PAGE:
Occasionally, preserving your smile’s overall health and integrity will call for a tooth extraction – the removal of one or more teeth. This is usually the last resort in dentistry, as keeping the tooth in the mouth is ideal. However, if tooth extraction is needed, the procedure can be relatively a simple one.
How do I know if I need a tooth extraction?
If you find yourself in pain because of a tooth, it’s possible that the tooth is severely decayed or an infection is present and it will need to be removed. The removal of the tooth will almost immediately alleviate discomfort. However, the only way to know for sure whether a tooth extraction is needed is to schedule an exam and X-ray. Once we have all the necessary information, we can make an informed decision about your situation.
Why might I need a tooth extraction?
There are many reasons why single or multiple teeth would need to be extracted:
Deep Decay – The most common reason for tooth extraction is when a tooth is no longer restorable. This happens when decay affects the surface of a tooth as well as the pulp and no other procedure can save the limited healthy tooth structure that still exists.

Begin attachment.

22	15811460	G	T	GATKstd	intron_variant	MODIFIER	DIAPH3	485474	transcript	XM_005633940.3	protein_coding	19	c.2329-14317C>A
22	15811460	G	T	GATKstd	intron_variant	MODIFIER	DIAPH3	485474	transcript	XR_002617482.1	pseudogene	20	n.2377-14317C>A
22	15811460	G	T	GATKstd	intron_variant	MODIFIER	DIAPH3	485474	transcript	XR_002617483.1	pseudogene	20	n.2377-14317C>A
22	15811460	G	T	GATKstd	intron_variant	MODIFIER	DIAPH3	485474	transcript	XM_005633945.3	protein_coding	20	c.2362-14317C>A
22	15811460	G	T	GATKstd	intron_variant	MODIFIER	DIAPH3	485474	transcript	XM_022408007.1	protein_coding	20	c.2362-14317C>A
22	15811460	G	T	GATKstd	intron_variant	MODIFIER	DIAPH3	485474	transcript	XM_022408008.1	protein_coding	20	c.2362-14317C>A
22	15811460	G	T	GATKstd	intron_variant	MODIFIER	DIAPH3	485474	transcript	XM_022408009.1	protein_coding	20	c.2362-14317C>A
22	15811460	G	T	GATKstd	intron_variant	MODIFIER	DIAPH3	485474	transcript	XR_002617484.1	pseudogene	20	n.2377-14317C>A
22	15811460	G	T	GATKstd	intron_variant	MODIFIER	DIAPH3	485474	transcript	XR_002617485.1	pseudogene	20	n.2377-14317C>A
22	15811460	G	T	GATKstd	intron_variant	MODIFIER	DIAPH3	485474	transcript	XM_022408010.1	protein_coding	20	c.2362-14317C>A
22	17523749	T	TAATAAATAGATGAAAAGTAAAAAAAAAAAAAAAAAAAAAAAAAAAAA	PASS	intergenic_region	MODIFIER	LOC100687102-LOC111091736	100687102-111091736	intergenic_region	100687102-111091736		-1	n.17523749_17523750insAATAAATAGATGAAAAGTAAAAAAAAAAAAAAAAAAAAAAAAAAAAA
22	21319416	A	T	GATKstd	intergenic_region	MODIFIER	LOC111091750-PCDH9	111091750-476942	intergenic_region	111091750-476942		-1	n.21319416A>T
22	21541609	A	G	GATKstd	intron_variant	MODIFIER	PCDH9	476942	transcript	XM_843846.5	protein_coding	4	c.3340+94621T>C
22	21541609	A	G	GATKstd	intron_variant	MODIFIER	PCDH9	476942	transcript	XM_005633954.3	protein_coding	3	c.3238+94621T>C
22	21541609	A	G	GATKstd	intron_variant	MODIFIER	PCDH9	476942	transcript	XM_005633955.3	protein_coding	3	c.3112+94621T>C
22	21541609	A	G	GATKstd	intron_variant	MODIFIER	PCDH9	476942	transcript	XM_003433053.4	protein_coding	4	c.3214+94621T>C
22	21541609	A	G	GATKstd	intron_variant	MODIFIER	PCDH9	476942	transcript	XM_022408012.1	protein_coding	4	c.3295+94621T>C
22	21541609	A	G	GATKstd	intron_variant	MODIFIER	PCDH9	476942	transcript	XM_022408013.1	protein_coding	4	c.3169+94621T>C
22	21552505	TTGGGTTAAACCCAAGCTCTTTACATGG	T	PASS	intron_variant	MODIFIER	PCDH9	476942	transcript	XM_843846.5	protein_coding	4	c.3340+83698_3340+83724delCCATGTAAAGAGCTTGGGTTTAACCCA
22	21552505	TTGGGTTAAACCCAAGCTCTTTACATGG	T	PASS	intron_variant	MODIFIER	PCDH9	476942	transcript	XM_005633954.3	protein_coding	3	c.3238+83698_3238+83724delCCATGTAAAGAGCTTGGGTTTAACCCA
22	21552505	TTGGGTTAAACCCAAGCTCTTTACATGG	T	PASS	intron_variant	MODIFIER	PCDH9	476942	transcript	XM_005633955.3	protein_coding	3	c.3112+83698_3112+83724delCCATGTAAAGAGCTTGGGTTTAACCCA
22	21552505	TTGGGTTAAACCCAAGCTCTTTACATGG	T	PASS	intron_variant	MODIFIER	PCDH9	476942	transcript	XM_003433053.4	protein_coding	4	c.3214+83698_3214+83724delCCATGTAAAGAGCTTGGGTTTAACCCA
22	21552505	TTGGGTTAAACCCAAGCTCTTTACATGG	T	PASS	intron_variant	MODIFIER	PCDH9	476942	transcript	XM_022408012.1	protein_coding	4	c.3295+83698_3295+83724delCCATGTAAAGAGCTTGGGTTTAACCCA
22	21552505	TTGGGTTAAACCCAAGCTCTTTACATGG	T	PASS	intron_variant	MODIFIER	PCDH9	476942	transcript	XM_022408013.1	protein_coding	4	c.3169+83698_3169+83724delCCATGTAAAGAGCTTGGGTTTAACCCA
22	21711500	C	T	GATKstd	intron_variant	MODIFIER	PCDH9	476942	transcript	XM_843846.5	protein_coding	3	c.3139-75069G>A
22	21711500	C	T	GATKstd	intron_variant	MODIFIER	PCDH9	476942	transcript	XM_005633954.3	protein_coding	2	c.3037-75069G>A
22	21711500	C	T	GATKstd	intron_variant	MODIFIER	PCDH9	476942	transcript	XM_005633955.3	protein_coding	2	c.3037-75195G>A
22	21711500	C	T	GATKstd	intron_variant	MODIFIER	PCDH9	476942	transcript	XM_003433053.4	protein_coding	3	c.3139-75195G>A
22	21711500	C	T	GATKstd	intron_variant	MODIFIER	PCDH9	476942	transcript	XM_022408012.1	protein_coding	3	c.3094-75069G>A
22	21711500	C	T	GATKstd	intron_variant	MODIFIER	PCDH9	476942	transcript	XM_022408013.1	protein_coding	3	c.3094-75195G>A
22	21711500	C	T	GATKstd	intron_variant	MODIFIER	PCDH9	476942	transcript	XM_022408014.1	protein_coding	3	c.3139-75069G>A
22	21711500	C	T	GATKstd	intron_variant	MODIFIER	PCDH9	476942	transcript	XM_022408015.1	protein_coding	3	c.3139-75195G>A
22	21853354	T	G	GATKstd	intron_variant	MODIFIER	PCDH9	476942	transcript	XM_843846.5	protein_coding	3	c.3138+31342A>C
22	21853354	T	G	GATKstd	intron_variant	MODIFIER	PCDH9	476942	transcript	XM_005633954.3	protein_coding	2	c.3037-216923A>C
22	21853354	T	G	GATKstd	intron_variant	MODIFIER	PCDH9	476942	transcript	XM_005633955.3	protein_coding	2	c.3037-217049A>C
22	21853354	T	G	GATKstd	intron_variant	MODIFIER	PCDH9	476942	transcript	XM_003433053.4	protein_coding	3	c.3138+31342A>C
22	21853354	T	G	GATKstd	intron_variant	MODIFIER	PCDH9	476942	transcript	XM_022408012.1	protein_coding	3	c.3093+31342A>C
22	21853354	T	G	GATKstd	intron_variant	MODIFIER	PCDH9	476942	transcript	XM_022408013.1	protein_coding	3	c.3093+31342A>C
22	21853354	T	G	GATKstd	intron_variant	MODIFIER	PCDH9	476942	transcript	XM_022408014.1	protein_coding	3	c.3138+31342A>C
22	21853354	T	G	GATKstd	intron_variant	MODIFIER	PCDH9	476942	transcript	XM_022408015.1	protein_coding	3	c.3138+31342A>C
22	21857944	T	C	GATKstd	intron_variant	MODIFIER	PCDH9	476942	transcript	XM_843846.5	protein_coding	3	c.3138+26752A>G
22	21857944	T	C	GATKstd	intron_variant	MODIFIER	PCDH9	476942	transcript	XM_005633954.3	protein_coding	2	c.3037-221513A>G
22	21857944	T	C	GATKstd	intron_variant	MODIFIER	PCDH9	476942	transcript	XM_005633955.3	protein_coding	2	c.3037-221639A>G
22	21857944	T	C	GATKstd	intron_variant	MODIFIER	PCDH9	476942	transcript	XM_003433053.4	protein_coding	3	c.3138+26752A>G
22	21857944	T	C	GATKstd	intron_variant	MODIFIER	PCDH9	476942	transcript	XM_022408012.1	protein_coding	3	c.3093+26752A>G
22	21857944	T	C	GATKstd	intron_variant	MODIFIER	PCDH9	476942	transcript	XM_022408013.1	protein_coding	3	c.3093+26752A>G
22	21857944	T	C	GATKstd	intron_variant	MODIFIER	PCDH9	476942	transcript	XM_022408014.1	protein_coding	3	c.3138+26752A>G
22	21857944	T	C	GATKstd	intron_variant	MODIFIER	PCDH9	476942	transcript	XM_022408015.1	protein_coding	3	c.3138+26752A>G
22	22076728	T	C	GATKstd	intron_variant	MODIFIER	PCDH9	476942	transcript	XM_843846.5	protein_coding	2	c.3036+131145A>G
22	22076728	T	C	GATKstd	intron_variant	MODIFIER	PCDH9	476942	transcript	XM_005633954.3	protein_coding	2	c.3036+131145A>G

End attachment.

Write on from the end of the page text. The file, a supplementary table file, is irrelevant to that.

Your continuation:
Extra Teeth – Although not as common, some patients need teeth extracted to provide enough space for teeth to realign. Extra teeth can take up space, causing nearby teeth to twist out of place.
Gum Disease – When the gums and underlying bone become severely eroded, they are not able to hold a tooth securely. This area can lead to infections and become sore. Removing teeth from these areas can prevent additional tooth loss.
Other reasons for tooth extraction may be fractured teeth, prior to braces, and planning for full mouth reconstruction.
How is the procedure performed?
Depending on what teeth are being extracted, the procedure can be simple in nature or involve more complex processes. After numbing the area around the tooth, and offering any additional sedation, instruments are used to elevate the tooth and then sever the periodontal ligament. The tooth is then carefully removed. When more complex procedures are needed, an incision may be made in the gum tissue. In some cases, a simple bone graft procedure may be recommended in order to preserve enough bone for future replacement of the tooth.
What happens afterwards?
Once the tooth has been removed, it is possible that the tooth next to it will begin to move out of alignment. Because of this, it is best to replace your missing tooth as soon as possible. We’ll help you find a solution that fits your long-term smile and budget.